We now understand that obesity is a complex, chronic medical condition caused by the interplay of a multitude of factors. It is not a simple matter of “calories in, calories out." This inaccurate assumption has led to the longstanding weight-loss prescription: eat less, exercise more. But this prescription doesn’t work, and it hasn’t been working for a very long time. We need to shift our old paradigm toward a new understanding: obesity is the result of disordered weight regulation owing to a number of factors including our genetics, our current food environment, the brain’s hormonal control of appetite, medical conditions and medications, emotions, stress and poor sleep, to name a few.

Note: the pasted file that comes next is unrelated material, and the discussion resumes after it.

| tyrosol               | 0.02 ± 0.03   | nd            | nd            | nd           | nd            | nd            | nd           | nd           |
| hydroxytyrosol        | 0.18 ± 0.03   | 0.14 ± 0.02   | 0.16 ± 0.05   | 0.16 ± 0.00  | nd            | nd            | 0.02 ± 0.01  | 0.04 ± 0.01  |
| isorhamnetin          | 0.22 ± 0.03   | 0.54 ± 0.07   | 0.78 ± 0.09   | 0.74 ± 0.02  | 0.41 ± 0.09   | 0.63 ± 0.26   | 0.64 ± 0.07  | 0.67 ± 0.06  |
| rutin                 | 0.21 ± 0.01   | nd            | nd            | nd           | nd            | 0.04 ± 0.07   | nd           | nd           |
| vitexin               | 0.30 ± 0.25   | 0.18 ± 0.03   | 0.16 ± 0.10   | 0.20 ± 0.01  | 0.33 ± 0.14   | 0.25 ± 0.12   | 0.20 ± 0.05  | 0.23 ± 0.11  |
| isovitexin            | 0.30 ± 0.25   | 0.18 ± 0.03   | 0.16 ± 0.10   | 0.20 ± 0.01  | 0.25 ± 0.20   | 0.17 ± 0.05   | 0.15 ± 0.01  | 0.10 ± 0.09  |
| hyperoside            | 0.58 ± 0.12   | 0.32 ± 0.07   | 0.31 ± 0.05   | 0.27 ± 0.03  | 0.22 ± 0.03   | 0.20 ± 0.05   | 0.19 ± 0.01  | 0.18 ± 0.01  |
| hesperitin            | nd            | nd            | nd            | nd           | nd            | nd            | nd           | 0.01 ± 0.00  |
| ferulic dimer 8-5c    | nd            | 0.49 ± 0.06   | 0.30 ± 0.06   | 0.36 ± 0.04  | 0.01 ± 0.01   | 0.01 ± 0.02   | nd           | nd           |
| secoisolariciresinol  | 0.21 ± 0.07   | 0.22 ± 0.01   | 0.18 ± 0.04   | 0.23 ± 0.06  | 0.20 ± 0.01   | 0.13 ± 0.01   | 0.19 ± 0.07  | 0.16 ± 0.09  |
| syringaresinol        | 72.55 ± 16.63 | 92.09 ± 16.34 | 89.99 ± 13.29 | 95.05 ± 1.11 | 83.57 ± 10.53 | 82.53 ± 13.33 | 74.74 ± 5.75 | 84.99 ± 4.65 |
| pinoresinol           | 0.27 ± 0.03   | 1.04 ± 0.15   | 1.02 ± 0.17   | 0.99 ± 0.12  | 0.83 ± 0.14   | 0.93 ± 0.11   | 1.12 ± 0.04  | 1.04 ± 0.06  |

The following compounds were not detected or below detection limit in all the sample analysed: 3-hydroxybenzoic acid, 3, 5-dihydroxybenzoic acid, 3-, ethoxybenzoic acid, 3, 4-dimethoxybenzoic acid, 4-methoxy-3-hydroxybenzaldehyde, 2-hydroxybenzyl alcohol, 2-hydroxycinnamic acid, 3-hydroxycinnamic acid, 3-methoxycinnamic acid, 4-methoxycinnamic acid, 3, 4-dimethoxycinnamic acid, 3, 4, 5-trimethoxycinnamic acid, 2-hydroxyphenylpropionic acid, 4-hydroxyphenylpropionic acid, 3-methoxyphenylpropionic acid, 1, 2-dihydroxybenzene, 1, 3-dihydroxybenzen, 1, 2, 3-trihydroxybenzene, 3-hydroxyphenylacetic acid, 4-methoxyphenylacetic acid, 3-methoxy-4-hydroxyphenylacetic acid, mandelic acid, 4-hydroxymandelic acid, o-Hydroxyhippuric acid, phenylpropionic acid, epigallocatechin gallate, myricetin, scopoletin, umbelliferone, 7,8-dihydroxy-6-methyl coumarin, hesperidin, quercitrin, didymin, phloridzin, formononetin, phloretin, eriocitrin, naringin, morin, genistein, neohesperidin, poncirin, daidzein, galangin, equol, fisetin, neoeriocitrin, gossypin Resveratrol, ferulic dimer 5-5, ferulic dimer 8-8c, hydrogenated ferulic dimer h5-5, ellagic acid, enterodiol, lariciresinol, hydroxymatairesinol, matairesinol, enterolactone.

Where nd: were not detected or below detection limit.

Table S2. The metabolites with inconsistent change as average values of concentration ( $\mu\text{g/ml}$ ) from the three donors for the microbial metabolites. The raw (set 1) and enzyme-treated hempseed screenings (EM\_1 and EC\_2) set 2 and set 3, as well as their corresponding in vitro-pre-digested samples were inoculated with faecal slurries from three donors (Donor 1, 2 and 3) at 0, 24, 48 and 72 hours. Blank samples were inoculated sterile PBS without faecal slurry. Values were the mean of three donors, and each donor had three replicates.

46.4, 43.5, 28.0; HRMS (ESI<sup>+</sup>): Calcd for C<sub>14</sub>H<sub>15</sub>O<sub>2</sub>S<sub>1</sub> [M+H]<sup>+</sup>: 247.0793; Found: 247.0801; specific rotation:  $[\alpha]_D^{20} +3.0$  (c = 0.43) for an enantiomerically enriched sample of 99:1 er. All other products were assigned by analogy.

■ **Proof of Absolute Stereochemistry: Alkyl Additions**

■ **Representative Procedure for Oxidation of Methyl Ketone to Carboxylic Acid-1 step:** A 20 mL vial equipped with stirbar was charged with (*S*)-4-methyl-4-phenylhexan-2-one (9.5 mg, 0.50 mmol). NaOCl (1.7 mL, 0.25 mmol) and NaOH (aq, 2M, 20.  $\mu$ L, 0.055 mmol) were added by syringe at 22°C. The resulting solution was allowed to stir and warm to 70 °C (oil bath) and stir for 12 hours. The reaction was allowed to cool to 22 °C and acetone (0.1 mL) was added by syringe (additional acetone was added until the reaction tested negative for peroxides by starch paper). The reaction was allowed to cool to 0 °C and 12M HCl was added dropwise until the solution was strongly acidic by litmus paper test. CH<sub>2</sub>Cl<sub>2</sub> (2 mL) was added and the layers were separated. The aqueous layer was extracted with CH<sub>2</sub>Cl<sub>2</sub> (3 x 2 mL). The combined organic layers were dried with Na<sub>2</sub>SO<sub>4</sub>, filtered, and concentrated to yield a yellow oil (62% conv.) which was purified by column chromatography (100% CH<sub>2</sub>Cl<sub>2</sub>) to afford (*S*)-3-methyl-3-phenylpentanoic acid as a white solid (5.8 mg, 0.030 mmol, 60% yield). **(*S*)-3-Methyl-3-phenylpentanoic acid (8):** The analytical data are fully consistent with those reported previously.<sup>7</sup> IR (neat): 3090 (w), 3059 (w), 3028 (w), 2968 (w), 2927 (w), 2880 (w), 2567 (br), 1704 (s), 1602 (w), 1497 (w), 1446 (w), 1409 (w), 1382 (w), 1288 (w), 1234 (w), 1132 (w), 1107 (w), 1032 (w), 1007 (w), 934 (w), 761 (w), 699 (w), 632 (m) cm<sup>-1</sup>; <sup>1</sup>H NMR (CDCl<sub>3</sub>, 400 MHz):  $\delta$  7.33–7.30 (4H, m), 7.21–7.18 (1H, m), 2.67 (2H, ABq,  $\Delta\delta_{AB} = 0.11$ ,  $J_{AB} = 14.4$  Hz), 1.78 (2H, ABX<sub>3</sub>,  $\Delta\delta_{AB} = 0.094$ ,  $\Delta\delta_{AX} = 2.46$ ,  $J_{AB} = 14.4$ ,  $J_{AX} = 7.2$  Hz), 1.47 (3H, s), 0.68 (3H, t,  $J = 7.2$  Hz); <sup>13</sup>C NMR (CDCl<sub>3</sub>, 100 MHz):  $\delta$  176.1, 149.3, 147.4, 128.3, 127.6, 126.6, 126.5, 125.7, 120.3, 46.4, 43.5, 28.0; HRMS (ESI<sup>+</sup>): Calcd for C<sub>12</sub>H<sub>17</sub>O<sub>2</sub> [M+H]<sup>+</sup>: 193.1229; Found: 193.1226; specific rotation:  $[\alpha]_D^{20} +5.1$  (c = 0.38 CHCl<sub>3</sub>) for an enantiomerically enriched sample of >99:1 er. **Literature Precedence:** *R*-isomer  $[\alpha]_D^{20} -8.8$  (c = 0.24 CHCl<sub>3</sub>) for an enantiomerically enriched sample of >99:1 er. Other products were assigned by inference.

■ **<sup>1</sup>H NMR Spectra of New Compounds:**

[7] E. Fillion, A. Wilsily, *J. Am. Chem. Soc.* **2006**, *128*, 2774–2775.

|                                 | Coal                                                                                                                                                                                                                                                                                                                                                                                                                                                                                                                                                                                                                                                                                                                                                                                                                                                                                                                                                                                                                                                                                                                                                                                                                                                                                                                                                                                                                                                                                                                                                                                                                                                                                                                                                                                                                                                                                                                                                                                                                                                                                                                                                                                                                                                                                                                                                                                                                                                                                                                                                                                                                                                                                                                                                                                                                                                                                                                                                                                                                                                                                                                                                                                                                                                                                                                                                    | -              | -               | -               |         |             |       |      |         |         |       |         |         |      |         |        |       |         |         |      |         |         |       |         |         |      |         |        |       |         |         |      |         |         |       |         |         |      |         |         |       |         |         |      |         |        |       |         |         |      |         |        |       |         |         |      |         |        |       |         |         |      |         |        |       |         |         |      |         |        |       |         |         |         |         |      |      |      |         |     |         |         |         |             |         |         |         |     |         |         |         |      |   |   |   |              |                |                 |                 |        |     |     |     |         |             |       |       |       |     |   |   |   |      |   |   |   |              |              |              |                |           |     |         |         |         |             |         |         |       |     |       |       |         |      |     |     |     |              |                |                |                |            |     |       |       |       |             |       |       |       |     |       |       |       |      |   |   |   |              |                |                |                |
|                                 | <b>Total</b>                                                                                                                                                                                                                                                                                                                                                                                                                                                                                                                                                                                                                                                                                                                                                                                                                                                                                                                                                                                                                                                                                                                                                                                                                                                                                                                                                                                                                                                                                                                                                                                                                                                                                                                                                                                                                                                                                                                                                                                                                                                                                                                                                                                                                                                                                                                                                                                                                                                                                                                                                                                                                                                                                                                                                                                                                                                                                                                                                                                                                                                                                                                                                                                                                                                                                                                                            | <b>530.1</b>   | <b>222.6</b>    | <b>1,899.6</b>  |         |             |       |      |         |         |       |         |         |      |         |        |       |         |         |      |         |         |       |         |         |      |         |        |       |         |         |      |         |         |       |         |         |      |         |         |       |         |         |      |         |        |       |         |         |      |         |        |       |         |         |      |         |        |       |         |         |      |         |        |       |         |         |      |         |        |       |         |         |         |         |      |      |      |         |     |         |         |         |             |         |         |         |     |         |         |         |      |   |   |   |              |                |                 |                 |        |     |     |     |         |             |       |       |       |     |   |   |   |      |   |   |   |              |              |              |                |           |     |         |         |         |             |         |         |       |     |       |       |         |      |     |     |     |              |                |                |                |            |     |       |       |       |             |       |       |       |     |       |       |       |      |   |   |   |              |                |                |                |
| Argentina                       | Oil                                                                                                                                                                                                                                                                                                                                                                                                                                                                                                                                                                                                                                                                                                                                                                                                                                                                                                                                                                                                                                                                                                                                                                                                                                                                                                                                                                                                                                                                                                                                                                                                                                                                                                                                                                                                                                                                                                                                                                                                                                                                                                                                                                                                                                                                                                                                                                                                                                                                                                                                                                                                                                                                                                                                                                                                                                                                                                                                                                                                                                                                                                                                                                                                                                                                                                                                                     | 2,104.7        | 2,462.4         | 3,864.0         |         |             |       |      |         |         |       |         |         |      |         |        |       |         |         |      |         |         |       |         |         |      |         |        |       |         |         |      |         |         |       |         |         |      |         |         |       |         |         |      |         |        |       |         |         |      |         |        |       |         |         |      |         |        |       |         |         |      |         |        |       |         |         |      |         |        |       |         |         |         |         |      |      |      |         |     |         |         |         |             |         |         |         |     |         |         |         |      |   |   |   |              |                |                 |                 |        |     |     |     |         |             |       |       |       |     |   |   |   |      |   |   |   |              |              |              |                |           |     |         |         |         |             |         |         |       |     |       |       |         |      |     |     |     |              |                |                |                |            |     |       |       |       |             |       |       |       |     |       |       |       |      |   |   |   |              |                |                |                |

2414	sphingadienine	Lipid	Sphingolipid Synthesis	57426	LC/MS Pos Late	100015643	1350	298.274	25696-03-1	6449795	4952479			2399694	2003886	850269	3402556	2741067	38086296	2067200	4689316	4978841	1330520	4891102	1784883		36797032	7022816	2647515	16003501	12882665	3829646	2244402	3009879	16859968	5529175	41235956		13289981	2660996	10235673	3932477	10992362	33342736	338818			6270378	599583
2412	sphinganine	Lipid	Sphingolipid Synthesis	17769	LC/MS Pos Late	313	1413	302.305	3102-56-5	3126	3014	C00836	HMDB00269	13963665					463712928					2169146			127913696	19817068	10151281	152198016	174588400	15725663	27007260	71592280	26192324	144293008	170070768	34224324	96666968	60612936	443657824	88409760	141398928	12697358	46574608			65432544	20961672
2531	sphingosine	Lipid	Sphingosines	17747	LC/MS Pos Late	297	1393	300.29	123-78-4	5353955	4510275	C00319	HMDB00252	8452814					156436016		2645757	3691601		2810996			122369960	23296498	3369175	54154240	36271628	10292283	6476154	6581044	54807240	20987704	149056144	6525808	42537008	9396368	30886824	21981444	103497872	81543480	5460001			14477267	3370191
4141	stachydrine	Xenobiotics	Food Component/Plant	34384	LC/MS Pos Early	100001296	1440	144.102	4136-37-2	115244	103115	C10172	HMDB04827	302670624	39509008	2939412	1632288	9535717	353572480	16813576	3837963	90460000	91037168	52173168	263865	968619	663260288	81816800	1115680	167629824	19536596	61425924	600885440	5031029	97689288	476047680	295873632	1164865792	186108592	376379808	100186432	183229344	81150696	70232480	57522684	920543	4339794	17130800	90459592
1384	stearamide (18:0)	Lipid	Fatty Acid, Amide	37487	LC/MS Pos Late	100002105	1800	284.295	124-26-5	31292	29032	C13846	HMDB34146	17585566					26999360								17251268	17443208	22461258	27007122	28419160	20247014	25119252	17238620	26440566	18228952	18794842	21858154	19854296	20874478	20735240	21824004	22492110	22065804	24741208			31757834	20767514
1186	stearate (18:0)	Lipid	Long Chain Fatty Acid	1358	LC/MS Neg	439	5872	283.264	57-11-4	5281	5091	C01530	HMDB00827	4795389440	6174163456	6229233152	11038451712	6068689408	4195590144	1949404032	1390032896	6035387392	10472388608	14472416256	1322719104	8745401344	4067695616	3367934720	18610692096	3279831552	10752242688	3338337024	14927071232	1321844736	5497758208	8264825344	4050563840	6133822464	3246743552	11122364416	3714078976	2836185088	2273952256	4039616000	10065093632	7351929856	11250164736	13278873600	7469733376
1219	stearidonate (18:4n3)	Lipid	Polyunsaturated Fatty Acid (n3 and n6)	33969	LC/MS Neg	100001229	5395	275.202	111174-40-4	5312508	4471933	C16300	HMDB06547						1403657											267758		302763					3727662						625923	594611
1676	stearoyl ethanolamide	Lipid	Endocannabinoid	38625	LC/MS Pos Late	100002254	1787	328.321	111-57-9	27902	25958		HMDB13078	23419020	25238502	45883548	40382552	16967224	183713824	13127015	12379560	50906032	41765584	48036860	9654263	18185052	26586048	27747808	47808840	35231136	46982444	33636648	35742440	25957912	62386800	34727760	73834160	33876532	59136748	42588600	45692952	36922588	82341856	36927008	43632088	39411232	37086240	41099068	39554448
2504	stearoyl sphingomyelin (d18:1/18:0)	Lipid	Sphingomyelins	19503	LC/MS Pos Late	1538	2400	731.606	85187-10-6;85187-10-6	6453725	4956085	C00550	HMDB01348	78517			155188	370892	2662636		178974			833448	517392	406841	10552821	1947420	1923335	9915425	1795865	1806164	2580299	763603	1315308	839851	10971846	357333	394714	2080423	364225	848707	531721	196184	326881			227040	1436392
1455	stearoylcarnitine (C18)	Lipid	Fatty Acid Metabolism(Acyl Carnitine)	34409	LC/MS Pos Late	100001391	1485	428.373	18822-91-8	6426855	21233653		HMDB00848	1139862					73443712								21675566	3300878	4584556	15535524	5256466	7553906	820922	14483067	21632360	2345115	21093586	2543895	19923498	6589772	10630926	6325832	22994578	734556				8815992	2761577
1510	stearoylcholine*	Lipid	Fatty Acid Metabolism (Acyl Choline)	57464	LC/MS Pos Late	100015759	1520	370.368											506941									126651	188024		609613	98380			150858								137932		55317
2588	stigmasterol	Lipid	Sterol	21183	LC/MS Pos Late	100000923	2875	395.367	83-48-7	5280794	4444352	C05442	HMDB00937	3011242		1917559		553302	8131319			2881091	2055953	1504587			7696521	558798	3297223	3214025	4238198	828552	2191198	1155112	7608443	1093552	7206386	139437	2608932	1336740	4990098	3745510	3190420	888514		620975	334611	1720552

In addition, efforts to lose weight are met with strong biological resistance. Our brain is programmed to defend against weight loss. When body-fat stores decrease, a warning signal is sent to the brain to do everything in its power to retain fat. Our metabolic rate slows and we have an increase in hormones controlling hunger, appetite and feeding behaviour. Weight regain is the result.

People with obesity may even experience food differently than thin people. For example, studies using functional MRI (magnetic resonance imaging) have found that the reward centre of the brain is more active in people with obesity than lean people, when shown pictures of highly palatable foods. Furthermore, the reward centre activation in people with obesity does not turn off in response to a meal the way it does in a thin person.

So, is long-term weight management an impossible task? The good news is that with more research and understanding, we are becoming better equipped to manage what the World Health Organization considers a chronic disease.